History of triple amputation

Sepsis took my legs, left arm, damaged my kidneys and deformed my right hand and face.

In the spring of 2013, I had not been feeling quite myself for months. I had been under some heavy stress in both my personal and professional life. I had an infected blemish on my face and reoccurring bronchitis. On May 16th, I was playing outside with my dogs when one accidentally nipped my left hand. This was not an act of aggression. I properly cleaned and disinfect the tiny break in the skin. There was no pain or redness. I’d had a previously scheduled follow-up appointment for the coming Monday, so I thought nothing further of it. As it turned out, there was an emergency at my doctor’s office and my appointment was canceled.

Sepsis took my legs, left arm, damaged my kidneys and deformed my right hand and face
Christine Caron Photo © instagram.com/ccaron2810/

On Tuesday, May 21, I went for my morning run but didn’t get around the block before I returned home winded and lightheaded. I felt fine after my shower. Shortly after I arrived at work, I was suddenly nauseous and lightheaded. I went home and I slept on the couch all day. My son woke me when he came home from school to tell me I was breathing funny. I assured him I was fine and went back to sleep. I woke up 5 hours later, at about 8 pm, feeling agitated, confused, and sweating but very cold. I went to urgent care as something wasn’t right. I arrived five minutes after the doors were locked, I burst into tears, which was out of character. I wanted to go to the emergency room, but I felt so weak the thought of sitting in an overcrowded waiting room for hours was unbearable. A friend offered to drive me to the emergency room first thing in the morning. I went home and to bed immediately. I did not remember anything that happened next, for months.

I woke up about 11:30 PM nauseous with terrible pain in my stomach. I began to vomit and was up most of the night with severe flu-like symptoms. I was awake most of the night feeling as if I fell asleep, I might not wake up. On Wednesday, May 22, 2013, at 7 am, I walked into the local community hospital. I handed my health card to the attending nurse and immediately collapsed. And in the blink of an eye, my life was changed forever.

I’m starting a conversation about #Sepsis! Could you spot the signs!
Christine Caron Photo © instagram.com/ccaron2810/

My family was given little hope I would survive. I was woken on June 13 to learn I had been intubated for just under a month. I had been transferred from another hospital and that I’d been battling a very rare but deadly capnocytophaga canimorsus bacteria from the dog nip. I was informed the bacteria shut down my kidneys, requiring continuous dialysis, and had damaged my nose, pallet, and upper lip. I was told all four of my limbs had to be amputated if I wanted to live.

Having always had dogs and have had more serious bites in the past, something didn’t sit right with me. And honestly, at this point, I wasn’t sure “surviving” was the best option for me or my family. My life, plans, hopes, and dreams crumbled. I suffered some dark days.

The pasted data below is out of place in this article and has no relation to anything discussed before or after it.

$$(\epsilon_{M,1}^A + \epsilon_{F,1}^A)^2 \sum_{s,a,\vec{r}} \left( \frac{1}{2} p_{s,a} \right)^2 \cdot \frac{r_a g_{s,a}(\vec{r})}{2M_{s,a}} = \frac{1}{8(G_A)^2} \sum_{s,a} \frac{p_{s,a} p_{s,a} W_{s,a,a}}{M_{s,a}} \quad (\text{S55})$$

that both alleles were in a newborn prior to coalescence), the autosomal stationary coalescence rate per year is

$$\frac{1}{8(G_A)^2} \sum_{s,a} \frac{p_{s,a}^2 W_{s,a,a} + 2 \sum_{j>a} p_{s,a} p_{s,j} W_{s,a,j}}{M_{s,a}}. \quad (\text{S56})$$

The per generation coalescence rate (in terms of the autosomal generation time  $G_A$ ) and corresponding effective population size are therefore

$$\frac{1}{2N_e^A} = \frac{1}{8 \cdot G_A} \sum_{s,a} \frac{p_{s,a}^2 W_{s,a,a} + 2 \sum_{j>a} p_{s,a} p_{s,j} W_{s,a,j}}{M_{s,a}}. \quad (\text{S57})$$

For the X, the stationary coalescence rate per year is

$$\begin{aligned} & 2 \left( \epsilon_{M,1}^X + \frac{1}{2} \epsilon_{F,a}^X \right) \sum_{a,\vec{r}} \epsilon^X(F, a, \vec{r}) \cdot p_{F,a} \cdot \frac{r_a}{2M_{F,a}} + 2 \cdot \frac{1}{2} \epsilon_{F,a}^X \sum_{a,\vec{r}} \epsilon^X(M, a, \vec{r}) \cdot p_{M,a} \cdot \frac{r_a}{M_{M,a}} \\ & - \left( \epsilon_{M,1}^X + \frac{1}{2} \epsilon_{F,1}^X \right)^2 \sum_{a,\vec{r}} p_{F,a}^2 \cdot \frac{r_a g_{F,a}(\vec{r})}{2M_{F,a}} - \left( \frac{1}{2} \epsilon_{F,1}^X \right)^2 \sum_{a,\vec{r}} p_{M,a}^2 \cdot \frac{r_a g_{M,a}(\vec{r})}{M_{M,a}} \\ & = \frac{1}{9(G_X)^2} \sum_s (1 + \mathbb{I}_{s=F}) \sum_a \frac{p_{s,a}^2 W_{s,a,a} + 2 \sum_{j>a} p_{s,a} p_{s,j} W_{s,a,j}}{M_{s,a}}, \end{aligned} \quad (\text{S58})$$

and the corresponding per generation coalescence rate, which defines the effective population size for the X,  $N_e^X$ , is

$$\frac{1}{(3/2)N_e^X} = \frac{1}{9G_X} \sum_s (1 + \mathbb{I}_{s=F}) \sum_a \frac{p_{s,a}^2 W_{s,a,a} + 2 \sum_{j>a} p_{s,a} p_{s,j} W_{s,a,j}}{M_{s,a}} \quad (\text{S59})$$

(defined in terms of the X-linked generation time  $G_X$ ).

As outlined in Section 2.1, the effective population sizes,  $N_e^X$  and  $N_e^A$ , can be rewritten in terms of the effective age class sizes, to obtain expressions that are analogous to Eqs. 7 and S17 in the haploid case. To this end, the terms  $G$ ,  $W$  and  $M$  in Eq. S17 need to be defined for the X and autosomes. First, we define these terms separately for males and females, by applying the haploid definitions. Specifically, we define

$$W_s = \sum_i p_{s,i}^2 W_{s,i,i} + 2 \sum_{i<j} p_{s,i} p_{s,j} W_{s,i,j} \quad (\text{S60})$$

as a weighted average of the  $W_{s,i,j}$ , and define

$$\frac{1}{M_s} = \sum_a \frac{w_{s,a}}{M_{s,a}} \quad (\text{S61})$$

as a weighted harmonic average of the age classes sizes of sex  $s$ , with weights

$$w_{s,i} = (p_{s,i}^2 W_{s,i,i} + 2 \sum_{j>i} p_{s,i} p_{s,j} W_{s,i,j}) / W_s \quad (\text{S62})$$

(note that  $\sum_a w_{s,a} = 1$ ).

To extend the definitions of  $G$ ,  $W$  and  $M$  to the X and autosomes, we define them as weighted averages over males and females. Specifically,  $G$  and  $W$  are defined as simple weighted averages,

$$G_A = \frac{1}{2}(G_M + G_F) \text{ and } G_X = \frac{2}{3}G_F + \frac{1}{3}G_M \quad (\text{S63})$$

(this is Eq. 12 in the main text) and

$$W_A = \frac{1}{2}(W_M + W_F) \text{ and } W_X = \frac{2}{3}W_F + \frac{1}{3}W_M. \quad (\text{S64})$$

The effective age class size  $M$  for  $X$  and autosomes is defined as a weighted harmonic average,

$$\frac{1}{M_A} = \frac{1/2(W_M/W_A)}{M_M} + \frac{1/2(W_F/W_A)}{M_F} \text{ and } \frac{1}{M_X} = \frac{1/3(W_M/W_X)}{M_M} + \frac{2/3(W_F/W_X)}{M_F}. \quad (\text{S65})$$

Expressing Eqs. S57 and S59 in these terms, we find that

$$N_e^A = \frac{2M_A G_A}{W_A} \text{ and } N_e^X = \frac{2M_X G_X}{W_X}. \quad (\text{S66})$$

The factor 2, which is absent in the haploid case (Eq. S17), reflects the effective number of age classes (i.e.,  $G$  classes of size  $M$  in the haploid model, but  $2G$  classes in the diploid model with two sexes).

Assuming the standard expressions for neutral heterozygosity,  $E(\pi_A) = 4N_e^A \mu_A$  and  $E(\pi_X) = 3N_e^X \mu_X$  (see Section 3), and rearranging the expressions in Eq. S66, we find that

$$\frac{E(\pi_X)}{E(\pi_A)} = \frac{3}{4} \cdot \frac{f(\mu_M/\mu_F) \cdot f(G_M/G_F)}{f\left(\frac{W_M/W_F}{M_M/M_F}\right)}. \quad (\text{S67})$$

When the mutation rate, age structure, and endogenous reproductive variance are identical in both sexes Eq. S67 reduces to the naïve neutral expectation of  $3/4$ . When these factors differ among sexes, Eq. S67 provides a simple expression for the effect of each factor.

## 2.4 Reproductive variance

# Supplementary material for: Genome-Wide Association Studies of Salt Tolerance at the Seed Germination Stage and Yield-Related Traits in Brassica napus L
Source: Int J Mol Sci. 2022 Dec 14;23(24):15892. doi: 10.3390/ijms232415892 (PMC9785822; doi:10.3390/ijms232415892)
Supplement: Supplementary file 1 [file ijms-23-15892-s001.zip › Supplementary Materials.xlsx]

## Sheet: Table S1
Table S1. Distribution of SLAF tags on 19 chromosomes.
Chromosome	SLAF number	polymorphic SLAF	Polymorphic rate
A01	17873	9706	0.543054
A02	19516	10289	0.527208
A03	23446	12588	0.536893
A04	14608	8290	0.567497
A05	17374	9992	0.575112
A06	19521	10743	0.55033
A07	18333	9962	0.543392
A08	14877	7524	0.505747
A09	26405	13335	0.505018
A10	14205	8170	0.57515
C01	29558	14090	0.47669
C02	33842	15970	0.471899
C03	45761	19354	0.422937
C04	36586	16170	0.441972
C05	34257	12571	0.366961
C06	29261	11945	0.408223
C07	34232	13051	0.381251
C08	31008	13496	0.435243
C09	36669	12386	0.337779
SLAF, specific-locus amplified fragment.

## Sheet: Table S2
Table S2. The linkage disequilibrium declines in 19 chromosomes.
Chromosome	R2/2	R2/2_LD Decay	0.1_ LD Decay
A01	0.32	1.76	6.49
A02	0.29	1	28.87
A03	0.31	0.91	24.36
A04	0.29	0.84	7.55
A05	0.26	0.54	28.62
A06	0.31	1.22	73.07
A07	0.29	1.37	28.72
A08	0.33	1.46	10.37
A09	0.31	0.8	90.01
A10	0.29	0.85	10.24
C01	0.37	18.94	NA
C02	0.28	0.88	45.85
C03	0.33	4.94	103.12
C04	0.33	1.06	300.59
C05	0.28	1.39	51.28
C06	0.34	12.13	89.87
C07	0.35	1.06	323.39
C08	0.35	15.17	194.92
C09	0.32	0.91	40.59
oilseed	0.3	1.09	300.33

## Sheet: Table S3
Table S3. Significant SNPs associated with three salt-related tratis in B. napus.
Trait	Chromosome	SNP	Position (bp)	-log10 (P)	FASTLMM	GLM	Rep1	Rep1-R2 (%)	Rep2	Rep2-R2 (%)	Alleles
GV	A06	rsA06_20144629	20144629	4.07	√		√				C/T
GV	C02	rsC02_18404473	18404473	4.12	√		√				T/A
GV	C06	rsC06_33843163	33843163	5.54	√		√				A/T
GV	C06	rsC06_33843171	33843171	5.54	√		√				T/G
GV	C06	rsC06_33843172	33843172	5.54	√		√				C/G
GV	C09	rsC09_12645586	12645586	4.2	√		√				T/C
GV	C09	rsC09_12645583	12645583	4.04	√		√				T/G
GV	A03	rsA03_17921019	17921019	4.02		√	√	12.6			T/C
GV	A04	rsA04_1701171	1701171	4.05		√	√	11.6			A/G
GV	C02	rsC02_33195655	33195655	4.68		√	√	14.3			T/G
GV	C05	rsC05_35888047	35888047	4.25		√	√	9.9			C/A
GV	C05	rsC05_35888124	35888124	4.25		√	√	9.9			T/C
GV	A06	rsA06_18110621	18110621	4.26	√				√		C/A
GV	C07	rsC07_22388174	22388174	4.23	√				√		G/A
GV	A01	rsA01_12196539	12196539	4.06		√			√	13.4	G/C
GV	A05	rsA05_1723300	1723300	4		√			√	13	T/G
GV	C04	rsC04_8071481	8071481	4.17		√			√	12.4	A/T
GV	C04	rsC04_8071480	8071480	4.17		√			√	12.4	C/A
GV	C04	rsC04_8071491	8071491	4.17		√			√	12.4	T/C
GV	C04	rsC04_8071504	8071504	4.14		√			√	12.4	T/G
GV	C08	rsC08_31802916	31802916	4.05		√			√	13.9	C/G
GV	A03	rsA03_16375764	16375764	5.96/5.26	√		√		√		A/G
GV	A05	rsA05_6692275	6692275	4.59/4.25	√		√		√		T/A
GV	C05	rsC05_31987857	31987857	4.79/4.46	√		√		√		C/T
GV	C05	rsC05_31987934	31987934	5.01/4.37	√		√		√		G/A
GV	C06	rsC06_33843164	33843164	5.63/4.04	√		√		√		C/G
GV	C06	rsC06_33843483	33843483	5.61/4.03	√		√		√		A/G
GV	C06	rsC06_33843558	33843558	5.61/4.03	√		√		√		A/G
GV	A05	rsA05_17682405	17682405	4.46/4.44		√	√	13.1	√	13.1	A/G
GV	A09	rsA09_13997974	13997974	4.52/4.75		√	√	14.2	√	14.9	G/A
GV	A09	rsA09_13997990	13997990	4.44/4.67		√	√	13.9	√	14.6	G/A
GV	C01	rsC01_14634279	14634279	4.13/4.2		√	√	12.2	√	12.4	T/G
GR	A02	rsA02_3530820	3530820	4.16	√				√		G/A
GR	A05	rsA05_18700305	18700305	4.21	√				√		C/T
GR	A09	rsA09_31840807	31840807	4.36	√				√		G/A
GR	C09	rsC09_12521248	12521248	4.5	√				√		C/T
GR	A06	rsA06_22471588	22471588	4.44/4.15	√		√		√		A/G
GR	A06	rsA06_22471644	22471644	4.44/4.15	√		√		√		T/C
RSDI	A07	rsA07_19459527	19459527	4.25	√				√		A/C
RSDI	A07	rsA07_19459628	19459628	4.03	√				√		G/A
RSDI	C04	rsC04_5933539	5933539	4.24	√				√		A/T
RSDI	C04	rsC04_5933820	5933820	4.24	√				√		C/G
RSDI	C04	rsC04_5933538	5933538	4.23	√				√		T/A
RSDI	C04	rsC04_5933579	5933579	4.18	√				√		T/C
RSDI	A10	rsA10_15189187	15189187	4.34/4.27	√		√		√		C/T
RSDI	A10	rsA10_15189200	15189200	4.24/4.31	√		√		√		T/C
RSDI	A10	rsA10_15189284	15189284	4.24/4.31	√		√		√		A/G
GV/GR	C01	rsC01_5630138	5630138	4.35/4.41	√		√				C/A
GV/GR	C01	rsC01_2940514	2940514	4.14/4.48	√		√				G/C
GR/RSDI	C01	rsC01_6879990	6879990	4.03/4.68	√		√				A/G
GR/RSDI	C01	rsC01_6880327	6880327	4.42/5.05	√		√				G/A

A few days prior to the first surgery, my right arm seemed to improve, vascular circulation was detected, and with that came the news I could keep it! That news gave me the spark of hope I so desperately needed to keep going. A few days post-amputation of my legs, I spiked a fever and suffered a respiratory arrest, and was returned to a respirator. I had urgent surgery where amputation and debridement were completed, and a lung biopsy was done. Post-surgery my kidneys began to function on their own at 50 percent each.

I was offered some reading while Laura made some adjustments to the new legs!
Christine Caron Photo © instagram.com/ccaron2810/

Sepsis and septic shock was finally explained to me. My bronchitis had turned to walk pneumonia or dry pneumonia. It was this condition that compromised my immune system resulting in the reaction to the bacteria capnocytophaga canimorsus, which rarely affects humans and quickly escalated to Septic Shock. Sepsis had triggered an inflammatory response and cytokine storm (blood clots) which caused damage to my vascular system, limbs, and organ function.

At discharge, we were told sepsis was rare and there was little information available. Any necessary follow-up would be done through the Rehabilitation Centre to which I was discharged July 8, 2013.

I worked hard. I took my first steps in prosthetics end of July and was walking unassisted by September. I was doing really well, until early October. The sudden onset of nightmares, night sweats, nausea, appetite, and digestive issues, fatigue, unexplained anxiousness, and speech issues… then my hair began to fall out in handfuls. I was treated for PTSD but my symptoms persisted for months, some for years. I knew this was more than Post-ICU Syndrome. Then I learned about Post-Sepsis Syndrome, a condition that can be completely debilitating. This vital information at the beginning of recovery would provide survivors with opportunities to be proactive in their recovery.

I had never heard of sepsis and it almost killed me. The global sepsis community has come a long way since 2013. But there is still much work to do in the area of sepsis symptom recognition, patient care, public education, and proper follow-up and support in recovery.

We need to advocate and educate because sepsis does not discriminate.

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